Consumer prices in the Seattle area climbed just 1.4 percent over the past year, less than the national inflation rate of 1.8 percent, the Bureau of Labor Statistics reported Tuesday.
Driven by higher gasoline prices, inflation here rose 0.8 percent during the past two months.
Unlike consumer prices nationwide, which are tracked monthly, prices for metro areas such as Seattle are measured every other month. They are not adjusted for seasonal variations.
Seattle-area gasoline prices increased 4.2 percent for the two months ending in June but were down 5 percent over the past year.
- Students seeking sugar daddies for tuition, rent
- Seattle-based seafood company shuts down
- UW receiver Isaiah Renfro opens up about depression, announces he's leaving team
- What's the top spelling 'mistake' in Washington state? The answer could make you sick
- Dead whale found on bow of cruise ship in Alaska
Most Read Stories
Food prices dipped 0.7 percent from April to June, while energy costs rose 2.4 percent, eased by cheaper household gas and stable electricity expenses.
Excluding food and energy costs, so-called core prices increased 1 percent. Medical costs surged 2.5 percent, and housing rents ticked up 0.7 percent.
Spring clothing apparently came at a bargain: Apparel prices dropped 3.2 percent from April and 0.5 percent from a year ago.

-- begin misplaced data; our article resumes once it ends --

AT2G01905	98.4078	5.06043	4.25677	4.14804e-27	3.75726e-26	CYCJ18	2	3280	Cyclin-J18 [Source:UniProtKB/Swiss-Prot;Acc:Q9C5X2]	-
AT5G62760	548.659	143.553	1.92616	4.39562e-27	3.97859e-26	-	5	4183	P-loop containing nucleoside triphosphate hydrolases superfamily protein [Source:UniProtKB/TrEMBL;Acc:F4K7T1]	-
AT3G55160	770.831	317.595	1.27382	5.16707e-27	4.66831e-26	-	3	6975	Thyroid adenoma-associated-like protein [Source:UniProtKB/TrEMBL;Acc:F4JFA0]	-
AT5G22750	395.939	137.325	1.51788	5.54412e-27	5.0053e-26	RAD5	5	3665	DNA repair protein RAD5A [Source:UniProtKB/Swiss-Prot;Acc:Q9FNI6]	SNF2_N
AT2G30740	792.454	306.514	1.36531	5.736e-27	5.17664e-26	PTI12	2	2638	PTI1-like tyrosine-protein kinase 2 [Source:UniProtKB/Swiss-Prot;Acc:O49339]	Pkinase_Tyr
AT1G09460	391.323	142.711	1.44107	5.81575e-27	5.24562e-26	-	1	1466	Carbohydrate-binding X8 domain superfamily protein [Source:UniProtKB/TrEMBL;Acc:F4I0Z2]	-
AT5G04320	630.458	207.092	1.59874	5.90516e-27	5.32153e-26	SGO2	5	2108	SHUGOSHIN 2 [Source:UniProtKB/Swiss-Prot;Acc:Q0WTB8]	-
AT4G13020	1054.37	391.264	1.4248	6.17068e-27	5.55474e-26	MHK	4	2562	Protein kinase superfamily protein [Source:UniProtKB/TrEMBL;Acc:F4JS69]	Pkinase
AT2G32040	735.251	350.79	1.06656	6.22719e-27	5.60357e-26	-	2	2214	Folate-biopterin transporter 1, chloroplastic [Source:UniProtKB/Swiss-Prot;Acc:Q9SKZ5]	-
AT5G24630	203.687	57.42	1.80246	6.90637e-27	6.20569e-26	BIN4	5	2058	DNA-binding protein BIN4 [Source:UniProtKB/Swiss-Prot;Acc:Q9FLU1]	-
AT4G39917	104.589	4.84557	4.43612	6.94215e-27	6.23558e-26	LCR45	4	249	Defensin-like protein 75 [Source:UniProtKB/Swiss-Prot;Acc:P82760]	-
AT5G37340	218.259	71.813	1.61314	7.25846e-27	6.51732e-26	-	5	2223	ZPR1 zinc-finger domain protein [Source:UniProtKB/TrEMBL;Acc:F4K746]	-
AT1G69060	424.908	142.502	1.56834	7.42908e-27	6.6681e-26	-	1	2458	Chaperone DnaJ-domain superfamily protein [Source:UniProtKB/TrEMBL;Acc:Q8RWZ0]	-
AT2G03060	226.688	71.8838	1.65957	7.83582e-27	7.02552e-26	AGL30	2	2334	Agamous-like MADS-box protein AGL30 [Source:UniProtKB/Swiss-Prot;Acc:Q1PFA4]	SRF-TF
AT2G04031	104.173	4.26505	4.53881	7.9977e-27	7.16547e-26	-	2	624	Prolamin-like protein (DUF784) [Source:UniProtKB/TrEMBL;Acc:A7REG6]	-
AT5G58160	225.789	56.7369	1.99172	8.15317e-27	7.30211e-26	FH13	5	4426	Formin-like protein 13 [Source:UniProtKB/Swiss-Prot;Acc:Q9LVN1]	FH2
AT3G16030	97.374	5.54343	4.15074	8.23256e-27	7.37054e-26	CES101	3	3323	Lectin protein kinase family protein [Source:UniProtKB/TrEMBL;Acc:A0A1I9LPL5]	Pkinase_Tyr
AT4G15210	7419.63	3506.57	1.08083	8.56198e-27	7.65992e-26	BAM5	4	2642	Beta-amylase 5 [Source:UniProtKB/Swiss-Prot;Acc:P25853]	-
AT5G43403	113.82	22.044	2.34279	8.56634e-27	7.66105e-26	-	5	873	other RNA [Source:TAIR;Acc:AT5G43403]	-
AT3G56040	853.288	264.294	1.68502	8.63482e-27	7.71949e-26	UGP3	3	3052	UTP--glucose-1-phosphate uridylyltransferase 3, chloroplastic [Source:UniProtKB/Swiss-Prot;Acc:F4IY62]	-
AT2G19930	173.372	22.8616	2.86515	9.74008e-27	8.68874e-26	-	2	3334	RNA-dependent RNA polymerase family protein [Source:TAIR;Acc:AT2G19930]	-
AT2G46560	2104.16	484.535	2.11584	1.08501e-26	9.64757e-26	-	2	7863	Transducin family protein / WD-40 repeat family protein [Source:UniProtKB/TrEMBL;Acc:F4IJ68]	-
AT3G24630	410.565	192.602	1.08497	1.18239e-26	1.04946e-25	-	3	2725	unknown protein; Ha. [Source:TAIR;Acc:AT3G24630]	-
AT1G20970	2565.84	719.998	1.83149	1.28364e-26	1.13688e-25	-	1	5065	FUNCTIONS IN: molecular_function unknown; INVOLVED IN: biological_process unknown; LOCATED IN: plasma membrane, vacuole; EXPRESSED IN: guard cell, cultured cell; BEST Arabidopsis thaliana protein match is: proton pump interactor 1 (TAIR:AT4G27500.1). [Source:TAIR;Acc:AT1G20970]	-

Nationwide, overall prices increased 0.5 percent in June from May. Two-thirds of the increase came from a 6.3 percent jump in gas prices, the largest since February.
Inflation has been stable this year, giving the Federal Reserve room to continue efforts to stimulate the economy.
Core prices are up just 1.6 percent over the past year — the smallest 12-month change in two years.
Slow economic growth and high unemployment have kept wages from rising quickly. That has made it harder for retailers and other firms to raise prices.
Tame inflation also has helped consumers up their spending despite slow income growth and higher Social Security taxes.
In June, prices for all energy products nationwide rose 3.4 percent mostly because of the surge in gasoline costs. Beyond that, other prices were little changed.
The gas-price surge was driven by a jump in global oil prices, partly reflecting the political turmoil in Egypt. Chris Christopher Jr., director of consumer economics at Global Insight, said pump prices are likely to fall once conditions stabilize in Egypt.
Seattle Times staff reporter Amy Martinez and The Associated Press contributed to this report.
Amy Martinez: 206-464-2923 or firstname.lastname@example.org. On Twitter: @amyemartinez